I’ve known dozens of people who refer to their religion as “Catholic” or “Baptist” but have never once attended church, not even as a child. Perhaps it’s to have an identity or to avoid the hateful stares that one gets from Bible Belt conservatives who equate non believers with child molestors and devil worshipers? I don’t really know and I never asked but certainly found it beyond bizarre when all they knew about Jesus as “he was born on Christmas and died on Easter”. Oddly enough, I was a devout Christian until heavily researching it this past year and now perceive it as mass brainwashing.

  8. Samuel Johnston

    It has been the theists who have politicized religion, not the non believers. A
    ‘community’ of non theists is no community, because it represents no point of view or condition, it is a mere negative. I have met with groups of so called atheists who strike me as mere negative Christians. Having struggled to fee myself from an intellectual prison where I was told what to think and how to judge, I have no desire to have anyone else speak for me.

  9. Linda LaScola

    When I hear someone say “Atheism is the new ___” I don’t take it to mean atheism is just like ___ , or that atheism supplants ____, but that these other movements have something in common with atheism and that their existence is making acceptance of atheism a lot easier.

  10. What is the point of trivializing the atheist movement compared to the LGBT movement? Are we trying to rank groups from experiencing the most discrimination to the least? To interpret Bill Maher’s quote as describing the atheist movement akin to LGBT discrimination is far fetched conjecture. Bill Maher is not claiming that the struggle against violence for the LGBT movement is analogous to the Atheist one. Perhaps he wants to emulate the effectiveness of the LGBT movement at changing policy and social acceptance. Let’s not forget the amount of elected politicians who are atheist. He is certainly trying to encourage more non religious people to become more active in the movement. His comment did not in any way shape or form mean to be interpreted as a slight against LGBT violence.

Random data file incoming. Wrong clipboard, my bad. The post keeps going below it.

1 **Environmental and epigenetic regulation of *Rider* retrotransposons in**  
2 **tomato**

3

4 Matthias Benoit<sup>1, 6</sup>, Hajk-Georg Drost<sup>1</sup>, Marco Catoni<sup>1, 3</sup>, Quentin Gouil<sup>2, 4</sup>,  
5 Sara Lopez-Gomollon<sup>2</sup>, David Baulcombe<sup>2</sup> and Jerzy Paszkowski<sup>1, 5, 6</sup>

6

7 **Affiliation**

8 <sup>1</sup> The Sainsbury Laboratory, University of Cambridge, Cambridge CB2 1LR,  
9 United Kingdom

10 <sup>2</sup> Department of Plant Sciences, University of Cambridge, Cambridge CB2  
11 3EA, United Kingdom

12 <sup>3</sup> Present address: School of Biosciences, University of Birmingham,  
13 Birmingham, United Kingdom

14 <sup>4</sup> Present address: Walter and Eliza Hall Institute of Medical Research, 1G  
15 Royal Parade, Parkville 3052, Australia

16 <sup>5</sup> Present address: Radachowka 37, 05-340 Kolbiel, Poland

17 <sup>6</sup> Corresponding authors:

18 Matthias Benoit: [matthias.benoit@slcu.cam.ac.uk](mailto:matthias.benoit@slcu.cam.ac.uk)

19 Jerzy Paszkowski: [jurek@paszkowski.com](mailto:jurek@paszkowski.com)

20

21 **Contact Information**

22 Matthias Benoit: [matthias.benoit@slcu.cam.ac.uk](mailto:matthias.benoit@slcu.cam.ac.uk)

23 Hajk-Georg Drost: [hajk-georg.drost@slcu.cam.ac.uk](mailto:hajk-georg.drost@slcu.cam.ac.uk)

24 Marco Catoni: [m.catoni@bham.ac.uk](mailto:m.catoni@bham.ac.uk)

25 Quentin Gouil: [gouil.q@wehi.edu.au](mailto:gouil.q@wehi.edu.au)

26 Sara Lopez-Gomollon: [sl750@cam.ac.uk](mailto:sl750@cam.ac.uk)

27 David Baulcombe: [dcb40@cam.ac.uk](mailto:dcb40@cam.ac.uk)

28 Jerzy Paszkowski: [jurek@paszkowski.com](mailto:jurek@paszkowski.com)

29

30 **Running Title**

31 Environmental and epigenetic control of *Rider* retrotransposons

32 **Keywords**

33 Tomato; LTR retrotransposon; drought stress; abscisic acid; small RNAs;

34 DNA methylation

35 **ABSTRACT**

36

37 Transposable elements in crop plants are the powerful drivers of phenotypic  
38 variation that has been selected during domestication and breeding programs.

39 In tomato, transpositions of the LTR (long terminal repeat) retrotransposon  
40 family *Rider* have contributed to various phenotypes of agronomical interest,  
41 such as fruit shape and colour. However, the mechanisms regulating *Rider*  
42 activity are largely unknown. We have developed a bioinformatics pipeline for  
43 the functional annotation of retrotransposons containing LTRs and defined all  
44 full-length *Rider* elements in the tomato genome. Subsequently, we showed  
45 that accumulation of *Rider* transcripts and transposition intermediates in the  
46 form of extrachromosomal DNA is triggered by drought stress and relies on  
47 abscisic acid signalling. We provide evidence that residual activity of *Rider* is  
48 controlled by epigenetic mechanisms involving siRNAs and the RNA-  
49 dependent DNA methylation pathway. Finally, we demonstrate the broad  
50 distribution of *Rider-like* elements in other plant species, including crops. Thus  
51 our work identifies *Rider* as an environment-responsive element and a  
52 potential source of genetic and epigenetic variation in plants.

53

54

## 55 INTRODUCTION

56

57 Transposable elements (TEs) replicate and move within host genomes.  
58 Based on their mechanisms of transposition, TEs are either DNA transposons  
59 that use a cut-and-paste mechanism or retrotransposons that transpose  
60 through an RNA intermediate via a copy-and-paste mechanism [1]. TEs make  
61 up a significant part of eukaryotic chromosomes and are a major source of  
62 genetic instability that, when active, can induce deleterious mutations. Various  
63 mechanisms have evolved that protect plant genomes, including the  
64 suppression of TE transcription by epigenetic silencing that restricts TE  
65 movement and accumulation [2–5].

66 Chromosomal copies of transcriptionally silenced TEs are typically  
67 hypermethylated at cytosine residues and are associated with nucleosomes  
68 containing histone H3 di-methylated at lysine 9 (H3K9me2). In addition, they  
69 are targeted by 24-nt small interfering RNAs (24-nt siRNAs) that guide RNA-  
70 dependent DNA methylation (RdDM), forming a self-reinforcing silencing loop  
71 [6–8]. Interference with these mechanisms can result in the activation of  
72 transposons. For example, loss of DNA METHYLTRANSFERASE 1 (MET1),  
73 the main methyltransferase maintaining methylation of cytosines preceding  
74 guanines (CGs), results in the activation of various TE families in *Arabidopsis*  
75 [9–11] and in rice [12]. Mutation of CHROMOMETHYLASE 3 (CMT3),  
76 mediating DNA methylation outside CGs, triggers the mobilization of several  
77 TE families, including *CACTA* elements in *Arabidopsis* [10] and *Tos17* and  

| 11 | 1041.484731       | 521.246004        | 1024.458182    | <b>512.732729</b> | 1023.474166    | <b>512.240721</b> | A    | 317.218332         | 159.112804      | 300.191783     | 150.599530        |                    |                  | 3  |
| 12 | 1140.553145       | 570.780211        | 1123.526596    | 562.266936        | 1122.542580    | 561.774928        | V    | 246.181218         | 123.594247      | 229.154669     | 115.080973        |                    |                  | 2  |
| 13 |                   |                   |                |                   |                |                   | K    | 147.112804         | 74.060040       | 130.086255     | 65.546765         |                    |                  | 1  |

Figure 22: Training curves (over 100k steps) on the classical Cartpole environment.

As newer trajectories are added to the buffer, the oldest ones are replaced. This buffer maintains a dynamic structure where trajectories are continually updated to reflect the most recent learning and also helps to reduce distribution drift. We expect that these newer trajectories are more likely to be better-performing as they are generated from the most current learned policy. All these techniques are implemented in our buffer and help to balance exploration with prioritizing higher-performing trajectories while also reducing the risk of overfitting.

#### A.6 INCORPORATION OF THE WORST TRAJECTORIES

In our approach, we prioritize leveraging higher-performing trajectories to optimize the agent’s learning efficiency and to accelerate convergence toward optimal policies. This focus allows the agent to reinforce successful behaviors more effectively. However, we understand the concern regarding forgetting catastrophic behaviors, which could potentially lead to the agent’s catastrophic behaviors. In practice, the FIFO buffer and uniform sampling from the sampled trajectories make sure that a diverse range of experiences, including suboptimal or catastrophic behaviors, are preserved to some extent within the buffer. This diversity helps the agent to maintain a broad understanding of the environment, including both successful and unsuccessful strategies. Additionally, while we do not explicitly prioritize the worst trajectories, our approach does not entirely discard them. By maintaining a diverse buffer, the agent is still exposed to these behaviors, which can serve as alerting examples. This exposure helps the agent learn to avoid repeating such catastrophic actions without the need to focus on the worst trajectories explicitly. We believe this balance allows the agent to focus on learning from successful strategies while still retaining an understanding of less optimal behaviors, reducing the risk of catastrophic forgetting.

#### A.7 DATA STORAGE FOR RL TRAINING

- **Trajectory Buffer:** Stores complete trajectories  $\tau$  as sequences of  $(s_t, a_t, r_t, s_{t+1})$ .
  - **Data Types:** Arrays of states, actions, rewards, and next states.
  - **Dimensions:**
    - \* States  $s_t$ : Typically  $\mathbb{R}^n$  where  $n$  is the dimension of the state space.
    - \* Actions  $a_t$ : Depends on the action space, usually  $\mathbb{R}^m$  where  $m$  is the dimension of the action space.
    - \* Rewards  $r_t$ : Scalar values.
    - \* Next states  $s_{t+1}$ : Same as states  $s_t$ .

11. No, they aren’t the same. But at the same time the goals run fairly parallel. Atheists/agnostic activsts want a secular government that doesn’t favor one religion over another, and many in the LGBT community want a government that doesn’t disfavor them over certain religious beliefs that are used to justify their discrimination.

    • I agree, LGBT motivations against religion are different – than scientific motivations driving atheism. It is not the same. One is based on bullying, the other is based on convictions born of scientific thinking. It is a slippery slope to think that secular activism will be the same from both groups.

  12. Atheists DO face discrimination in housing and employment. If you do not believe me, try stating you are an atheist in the south on your housing or employment application. You have to hide this fact in the south. That IS a fact.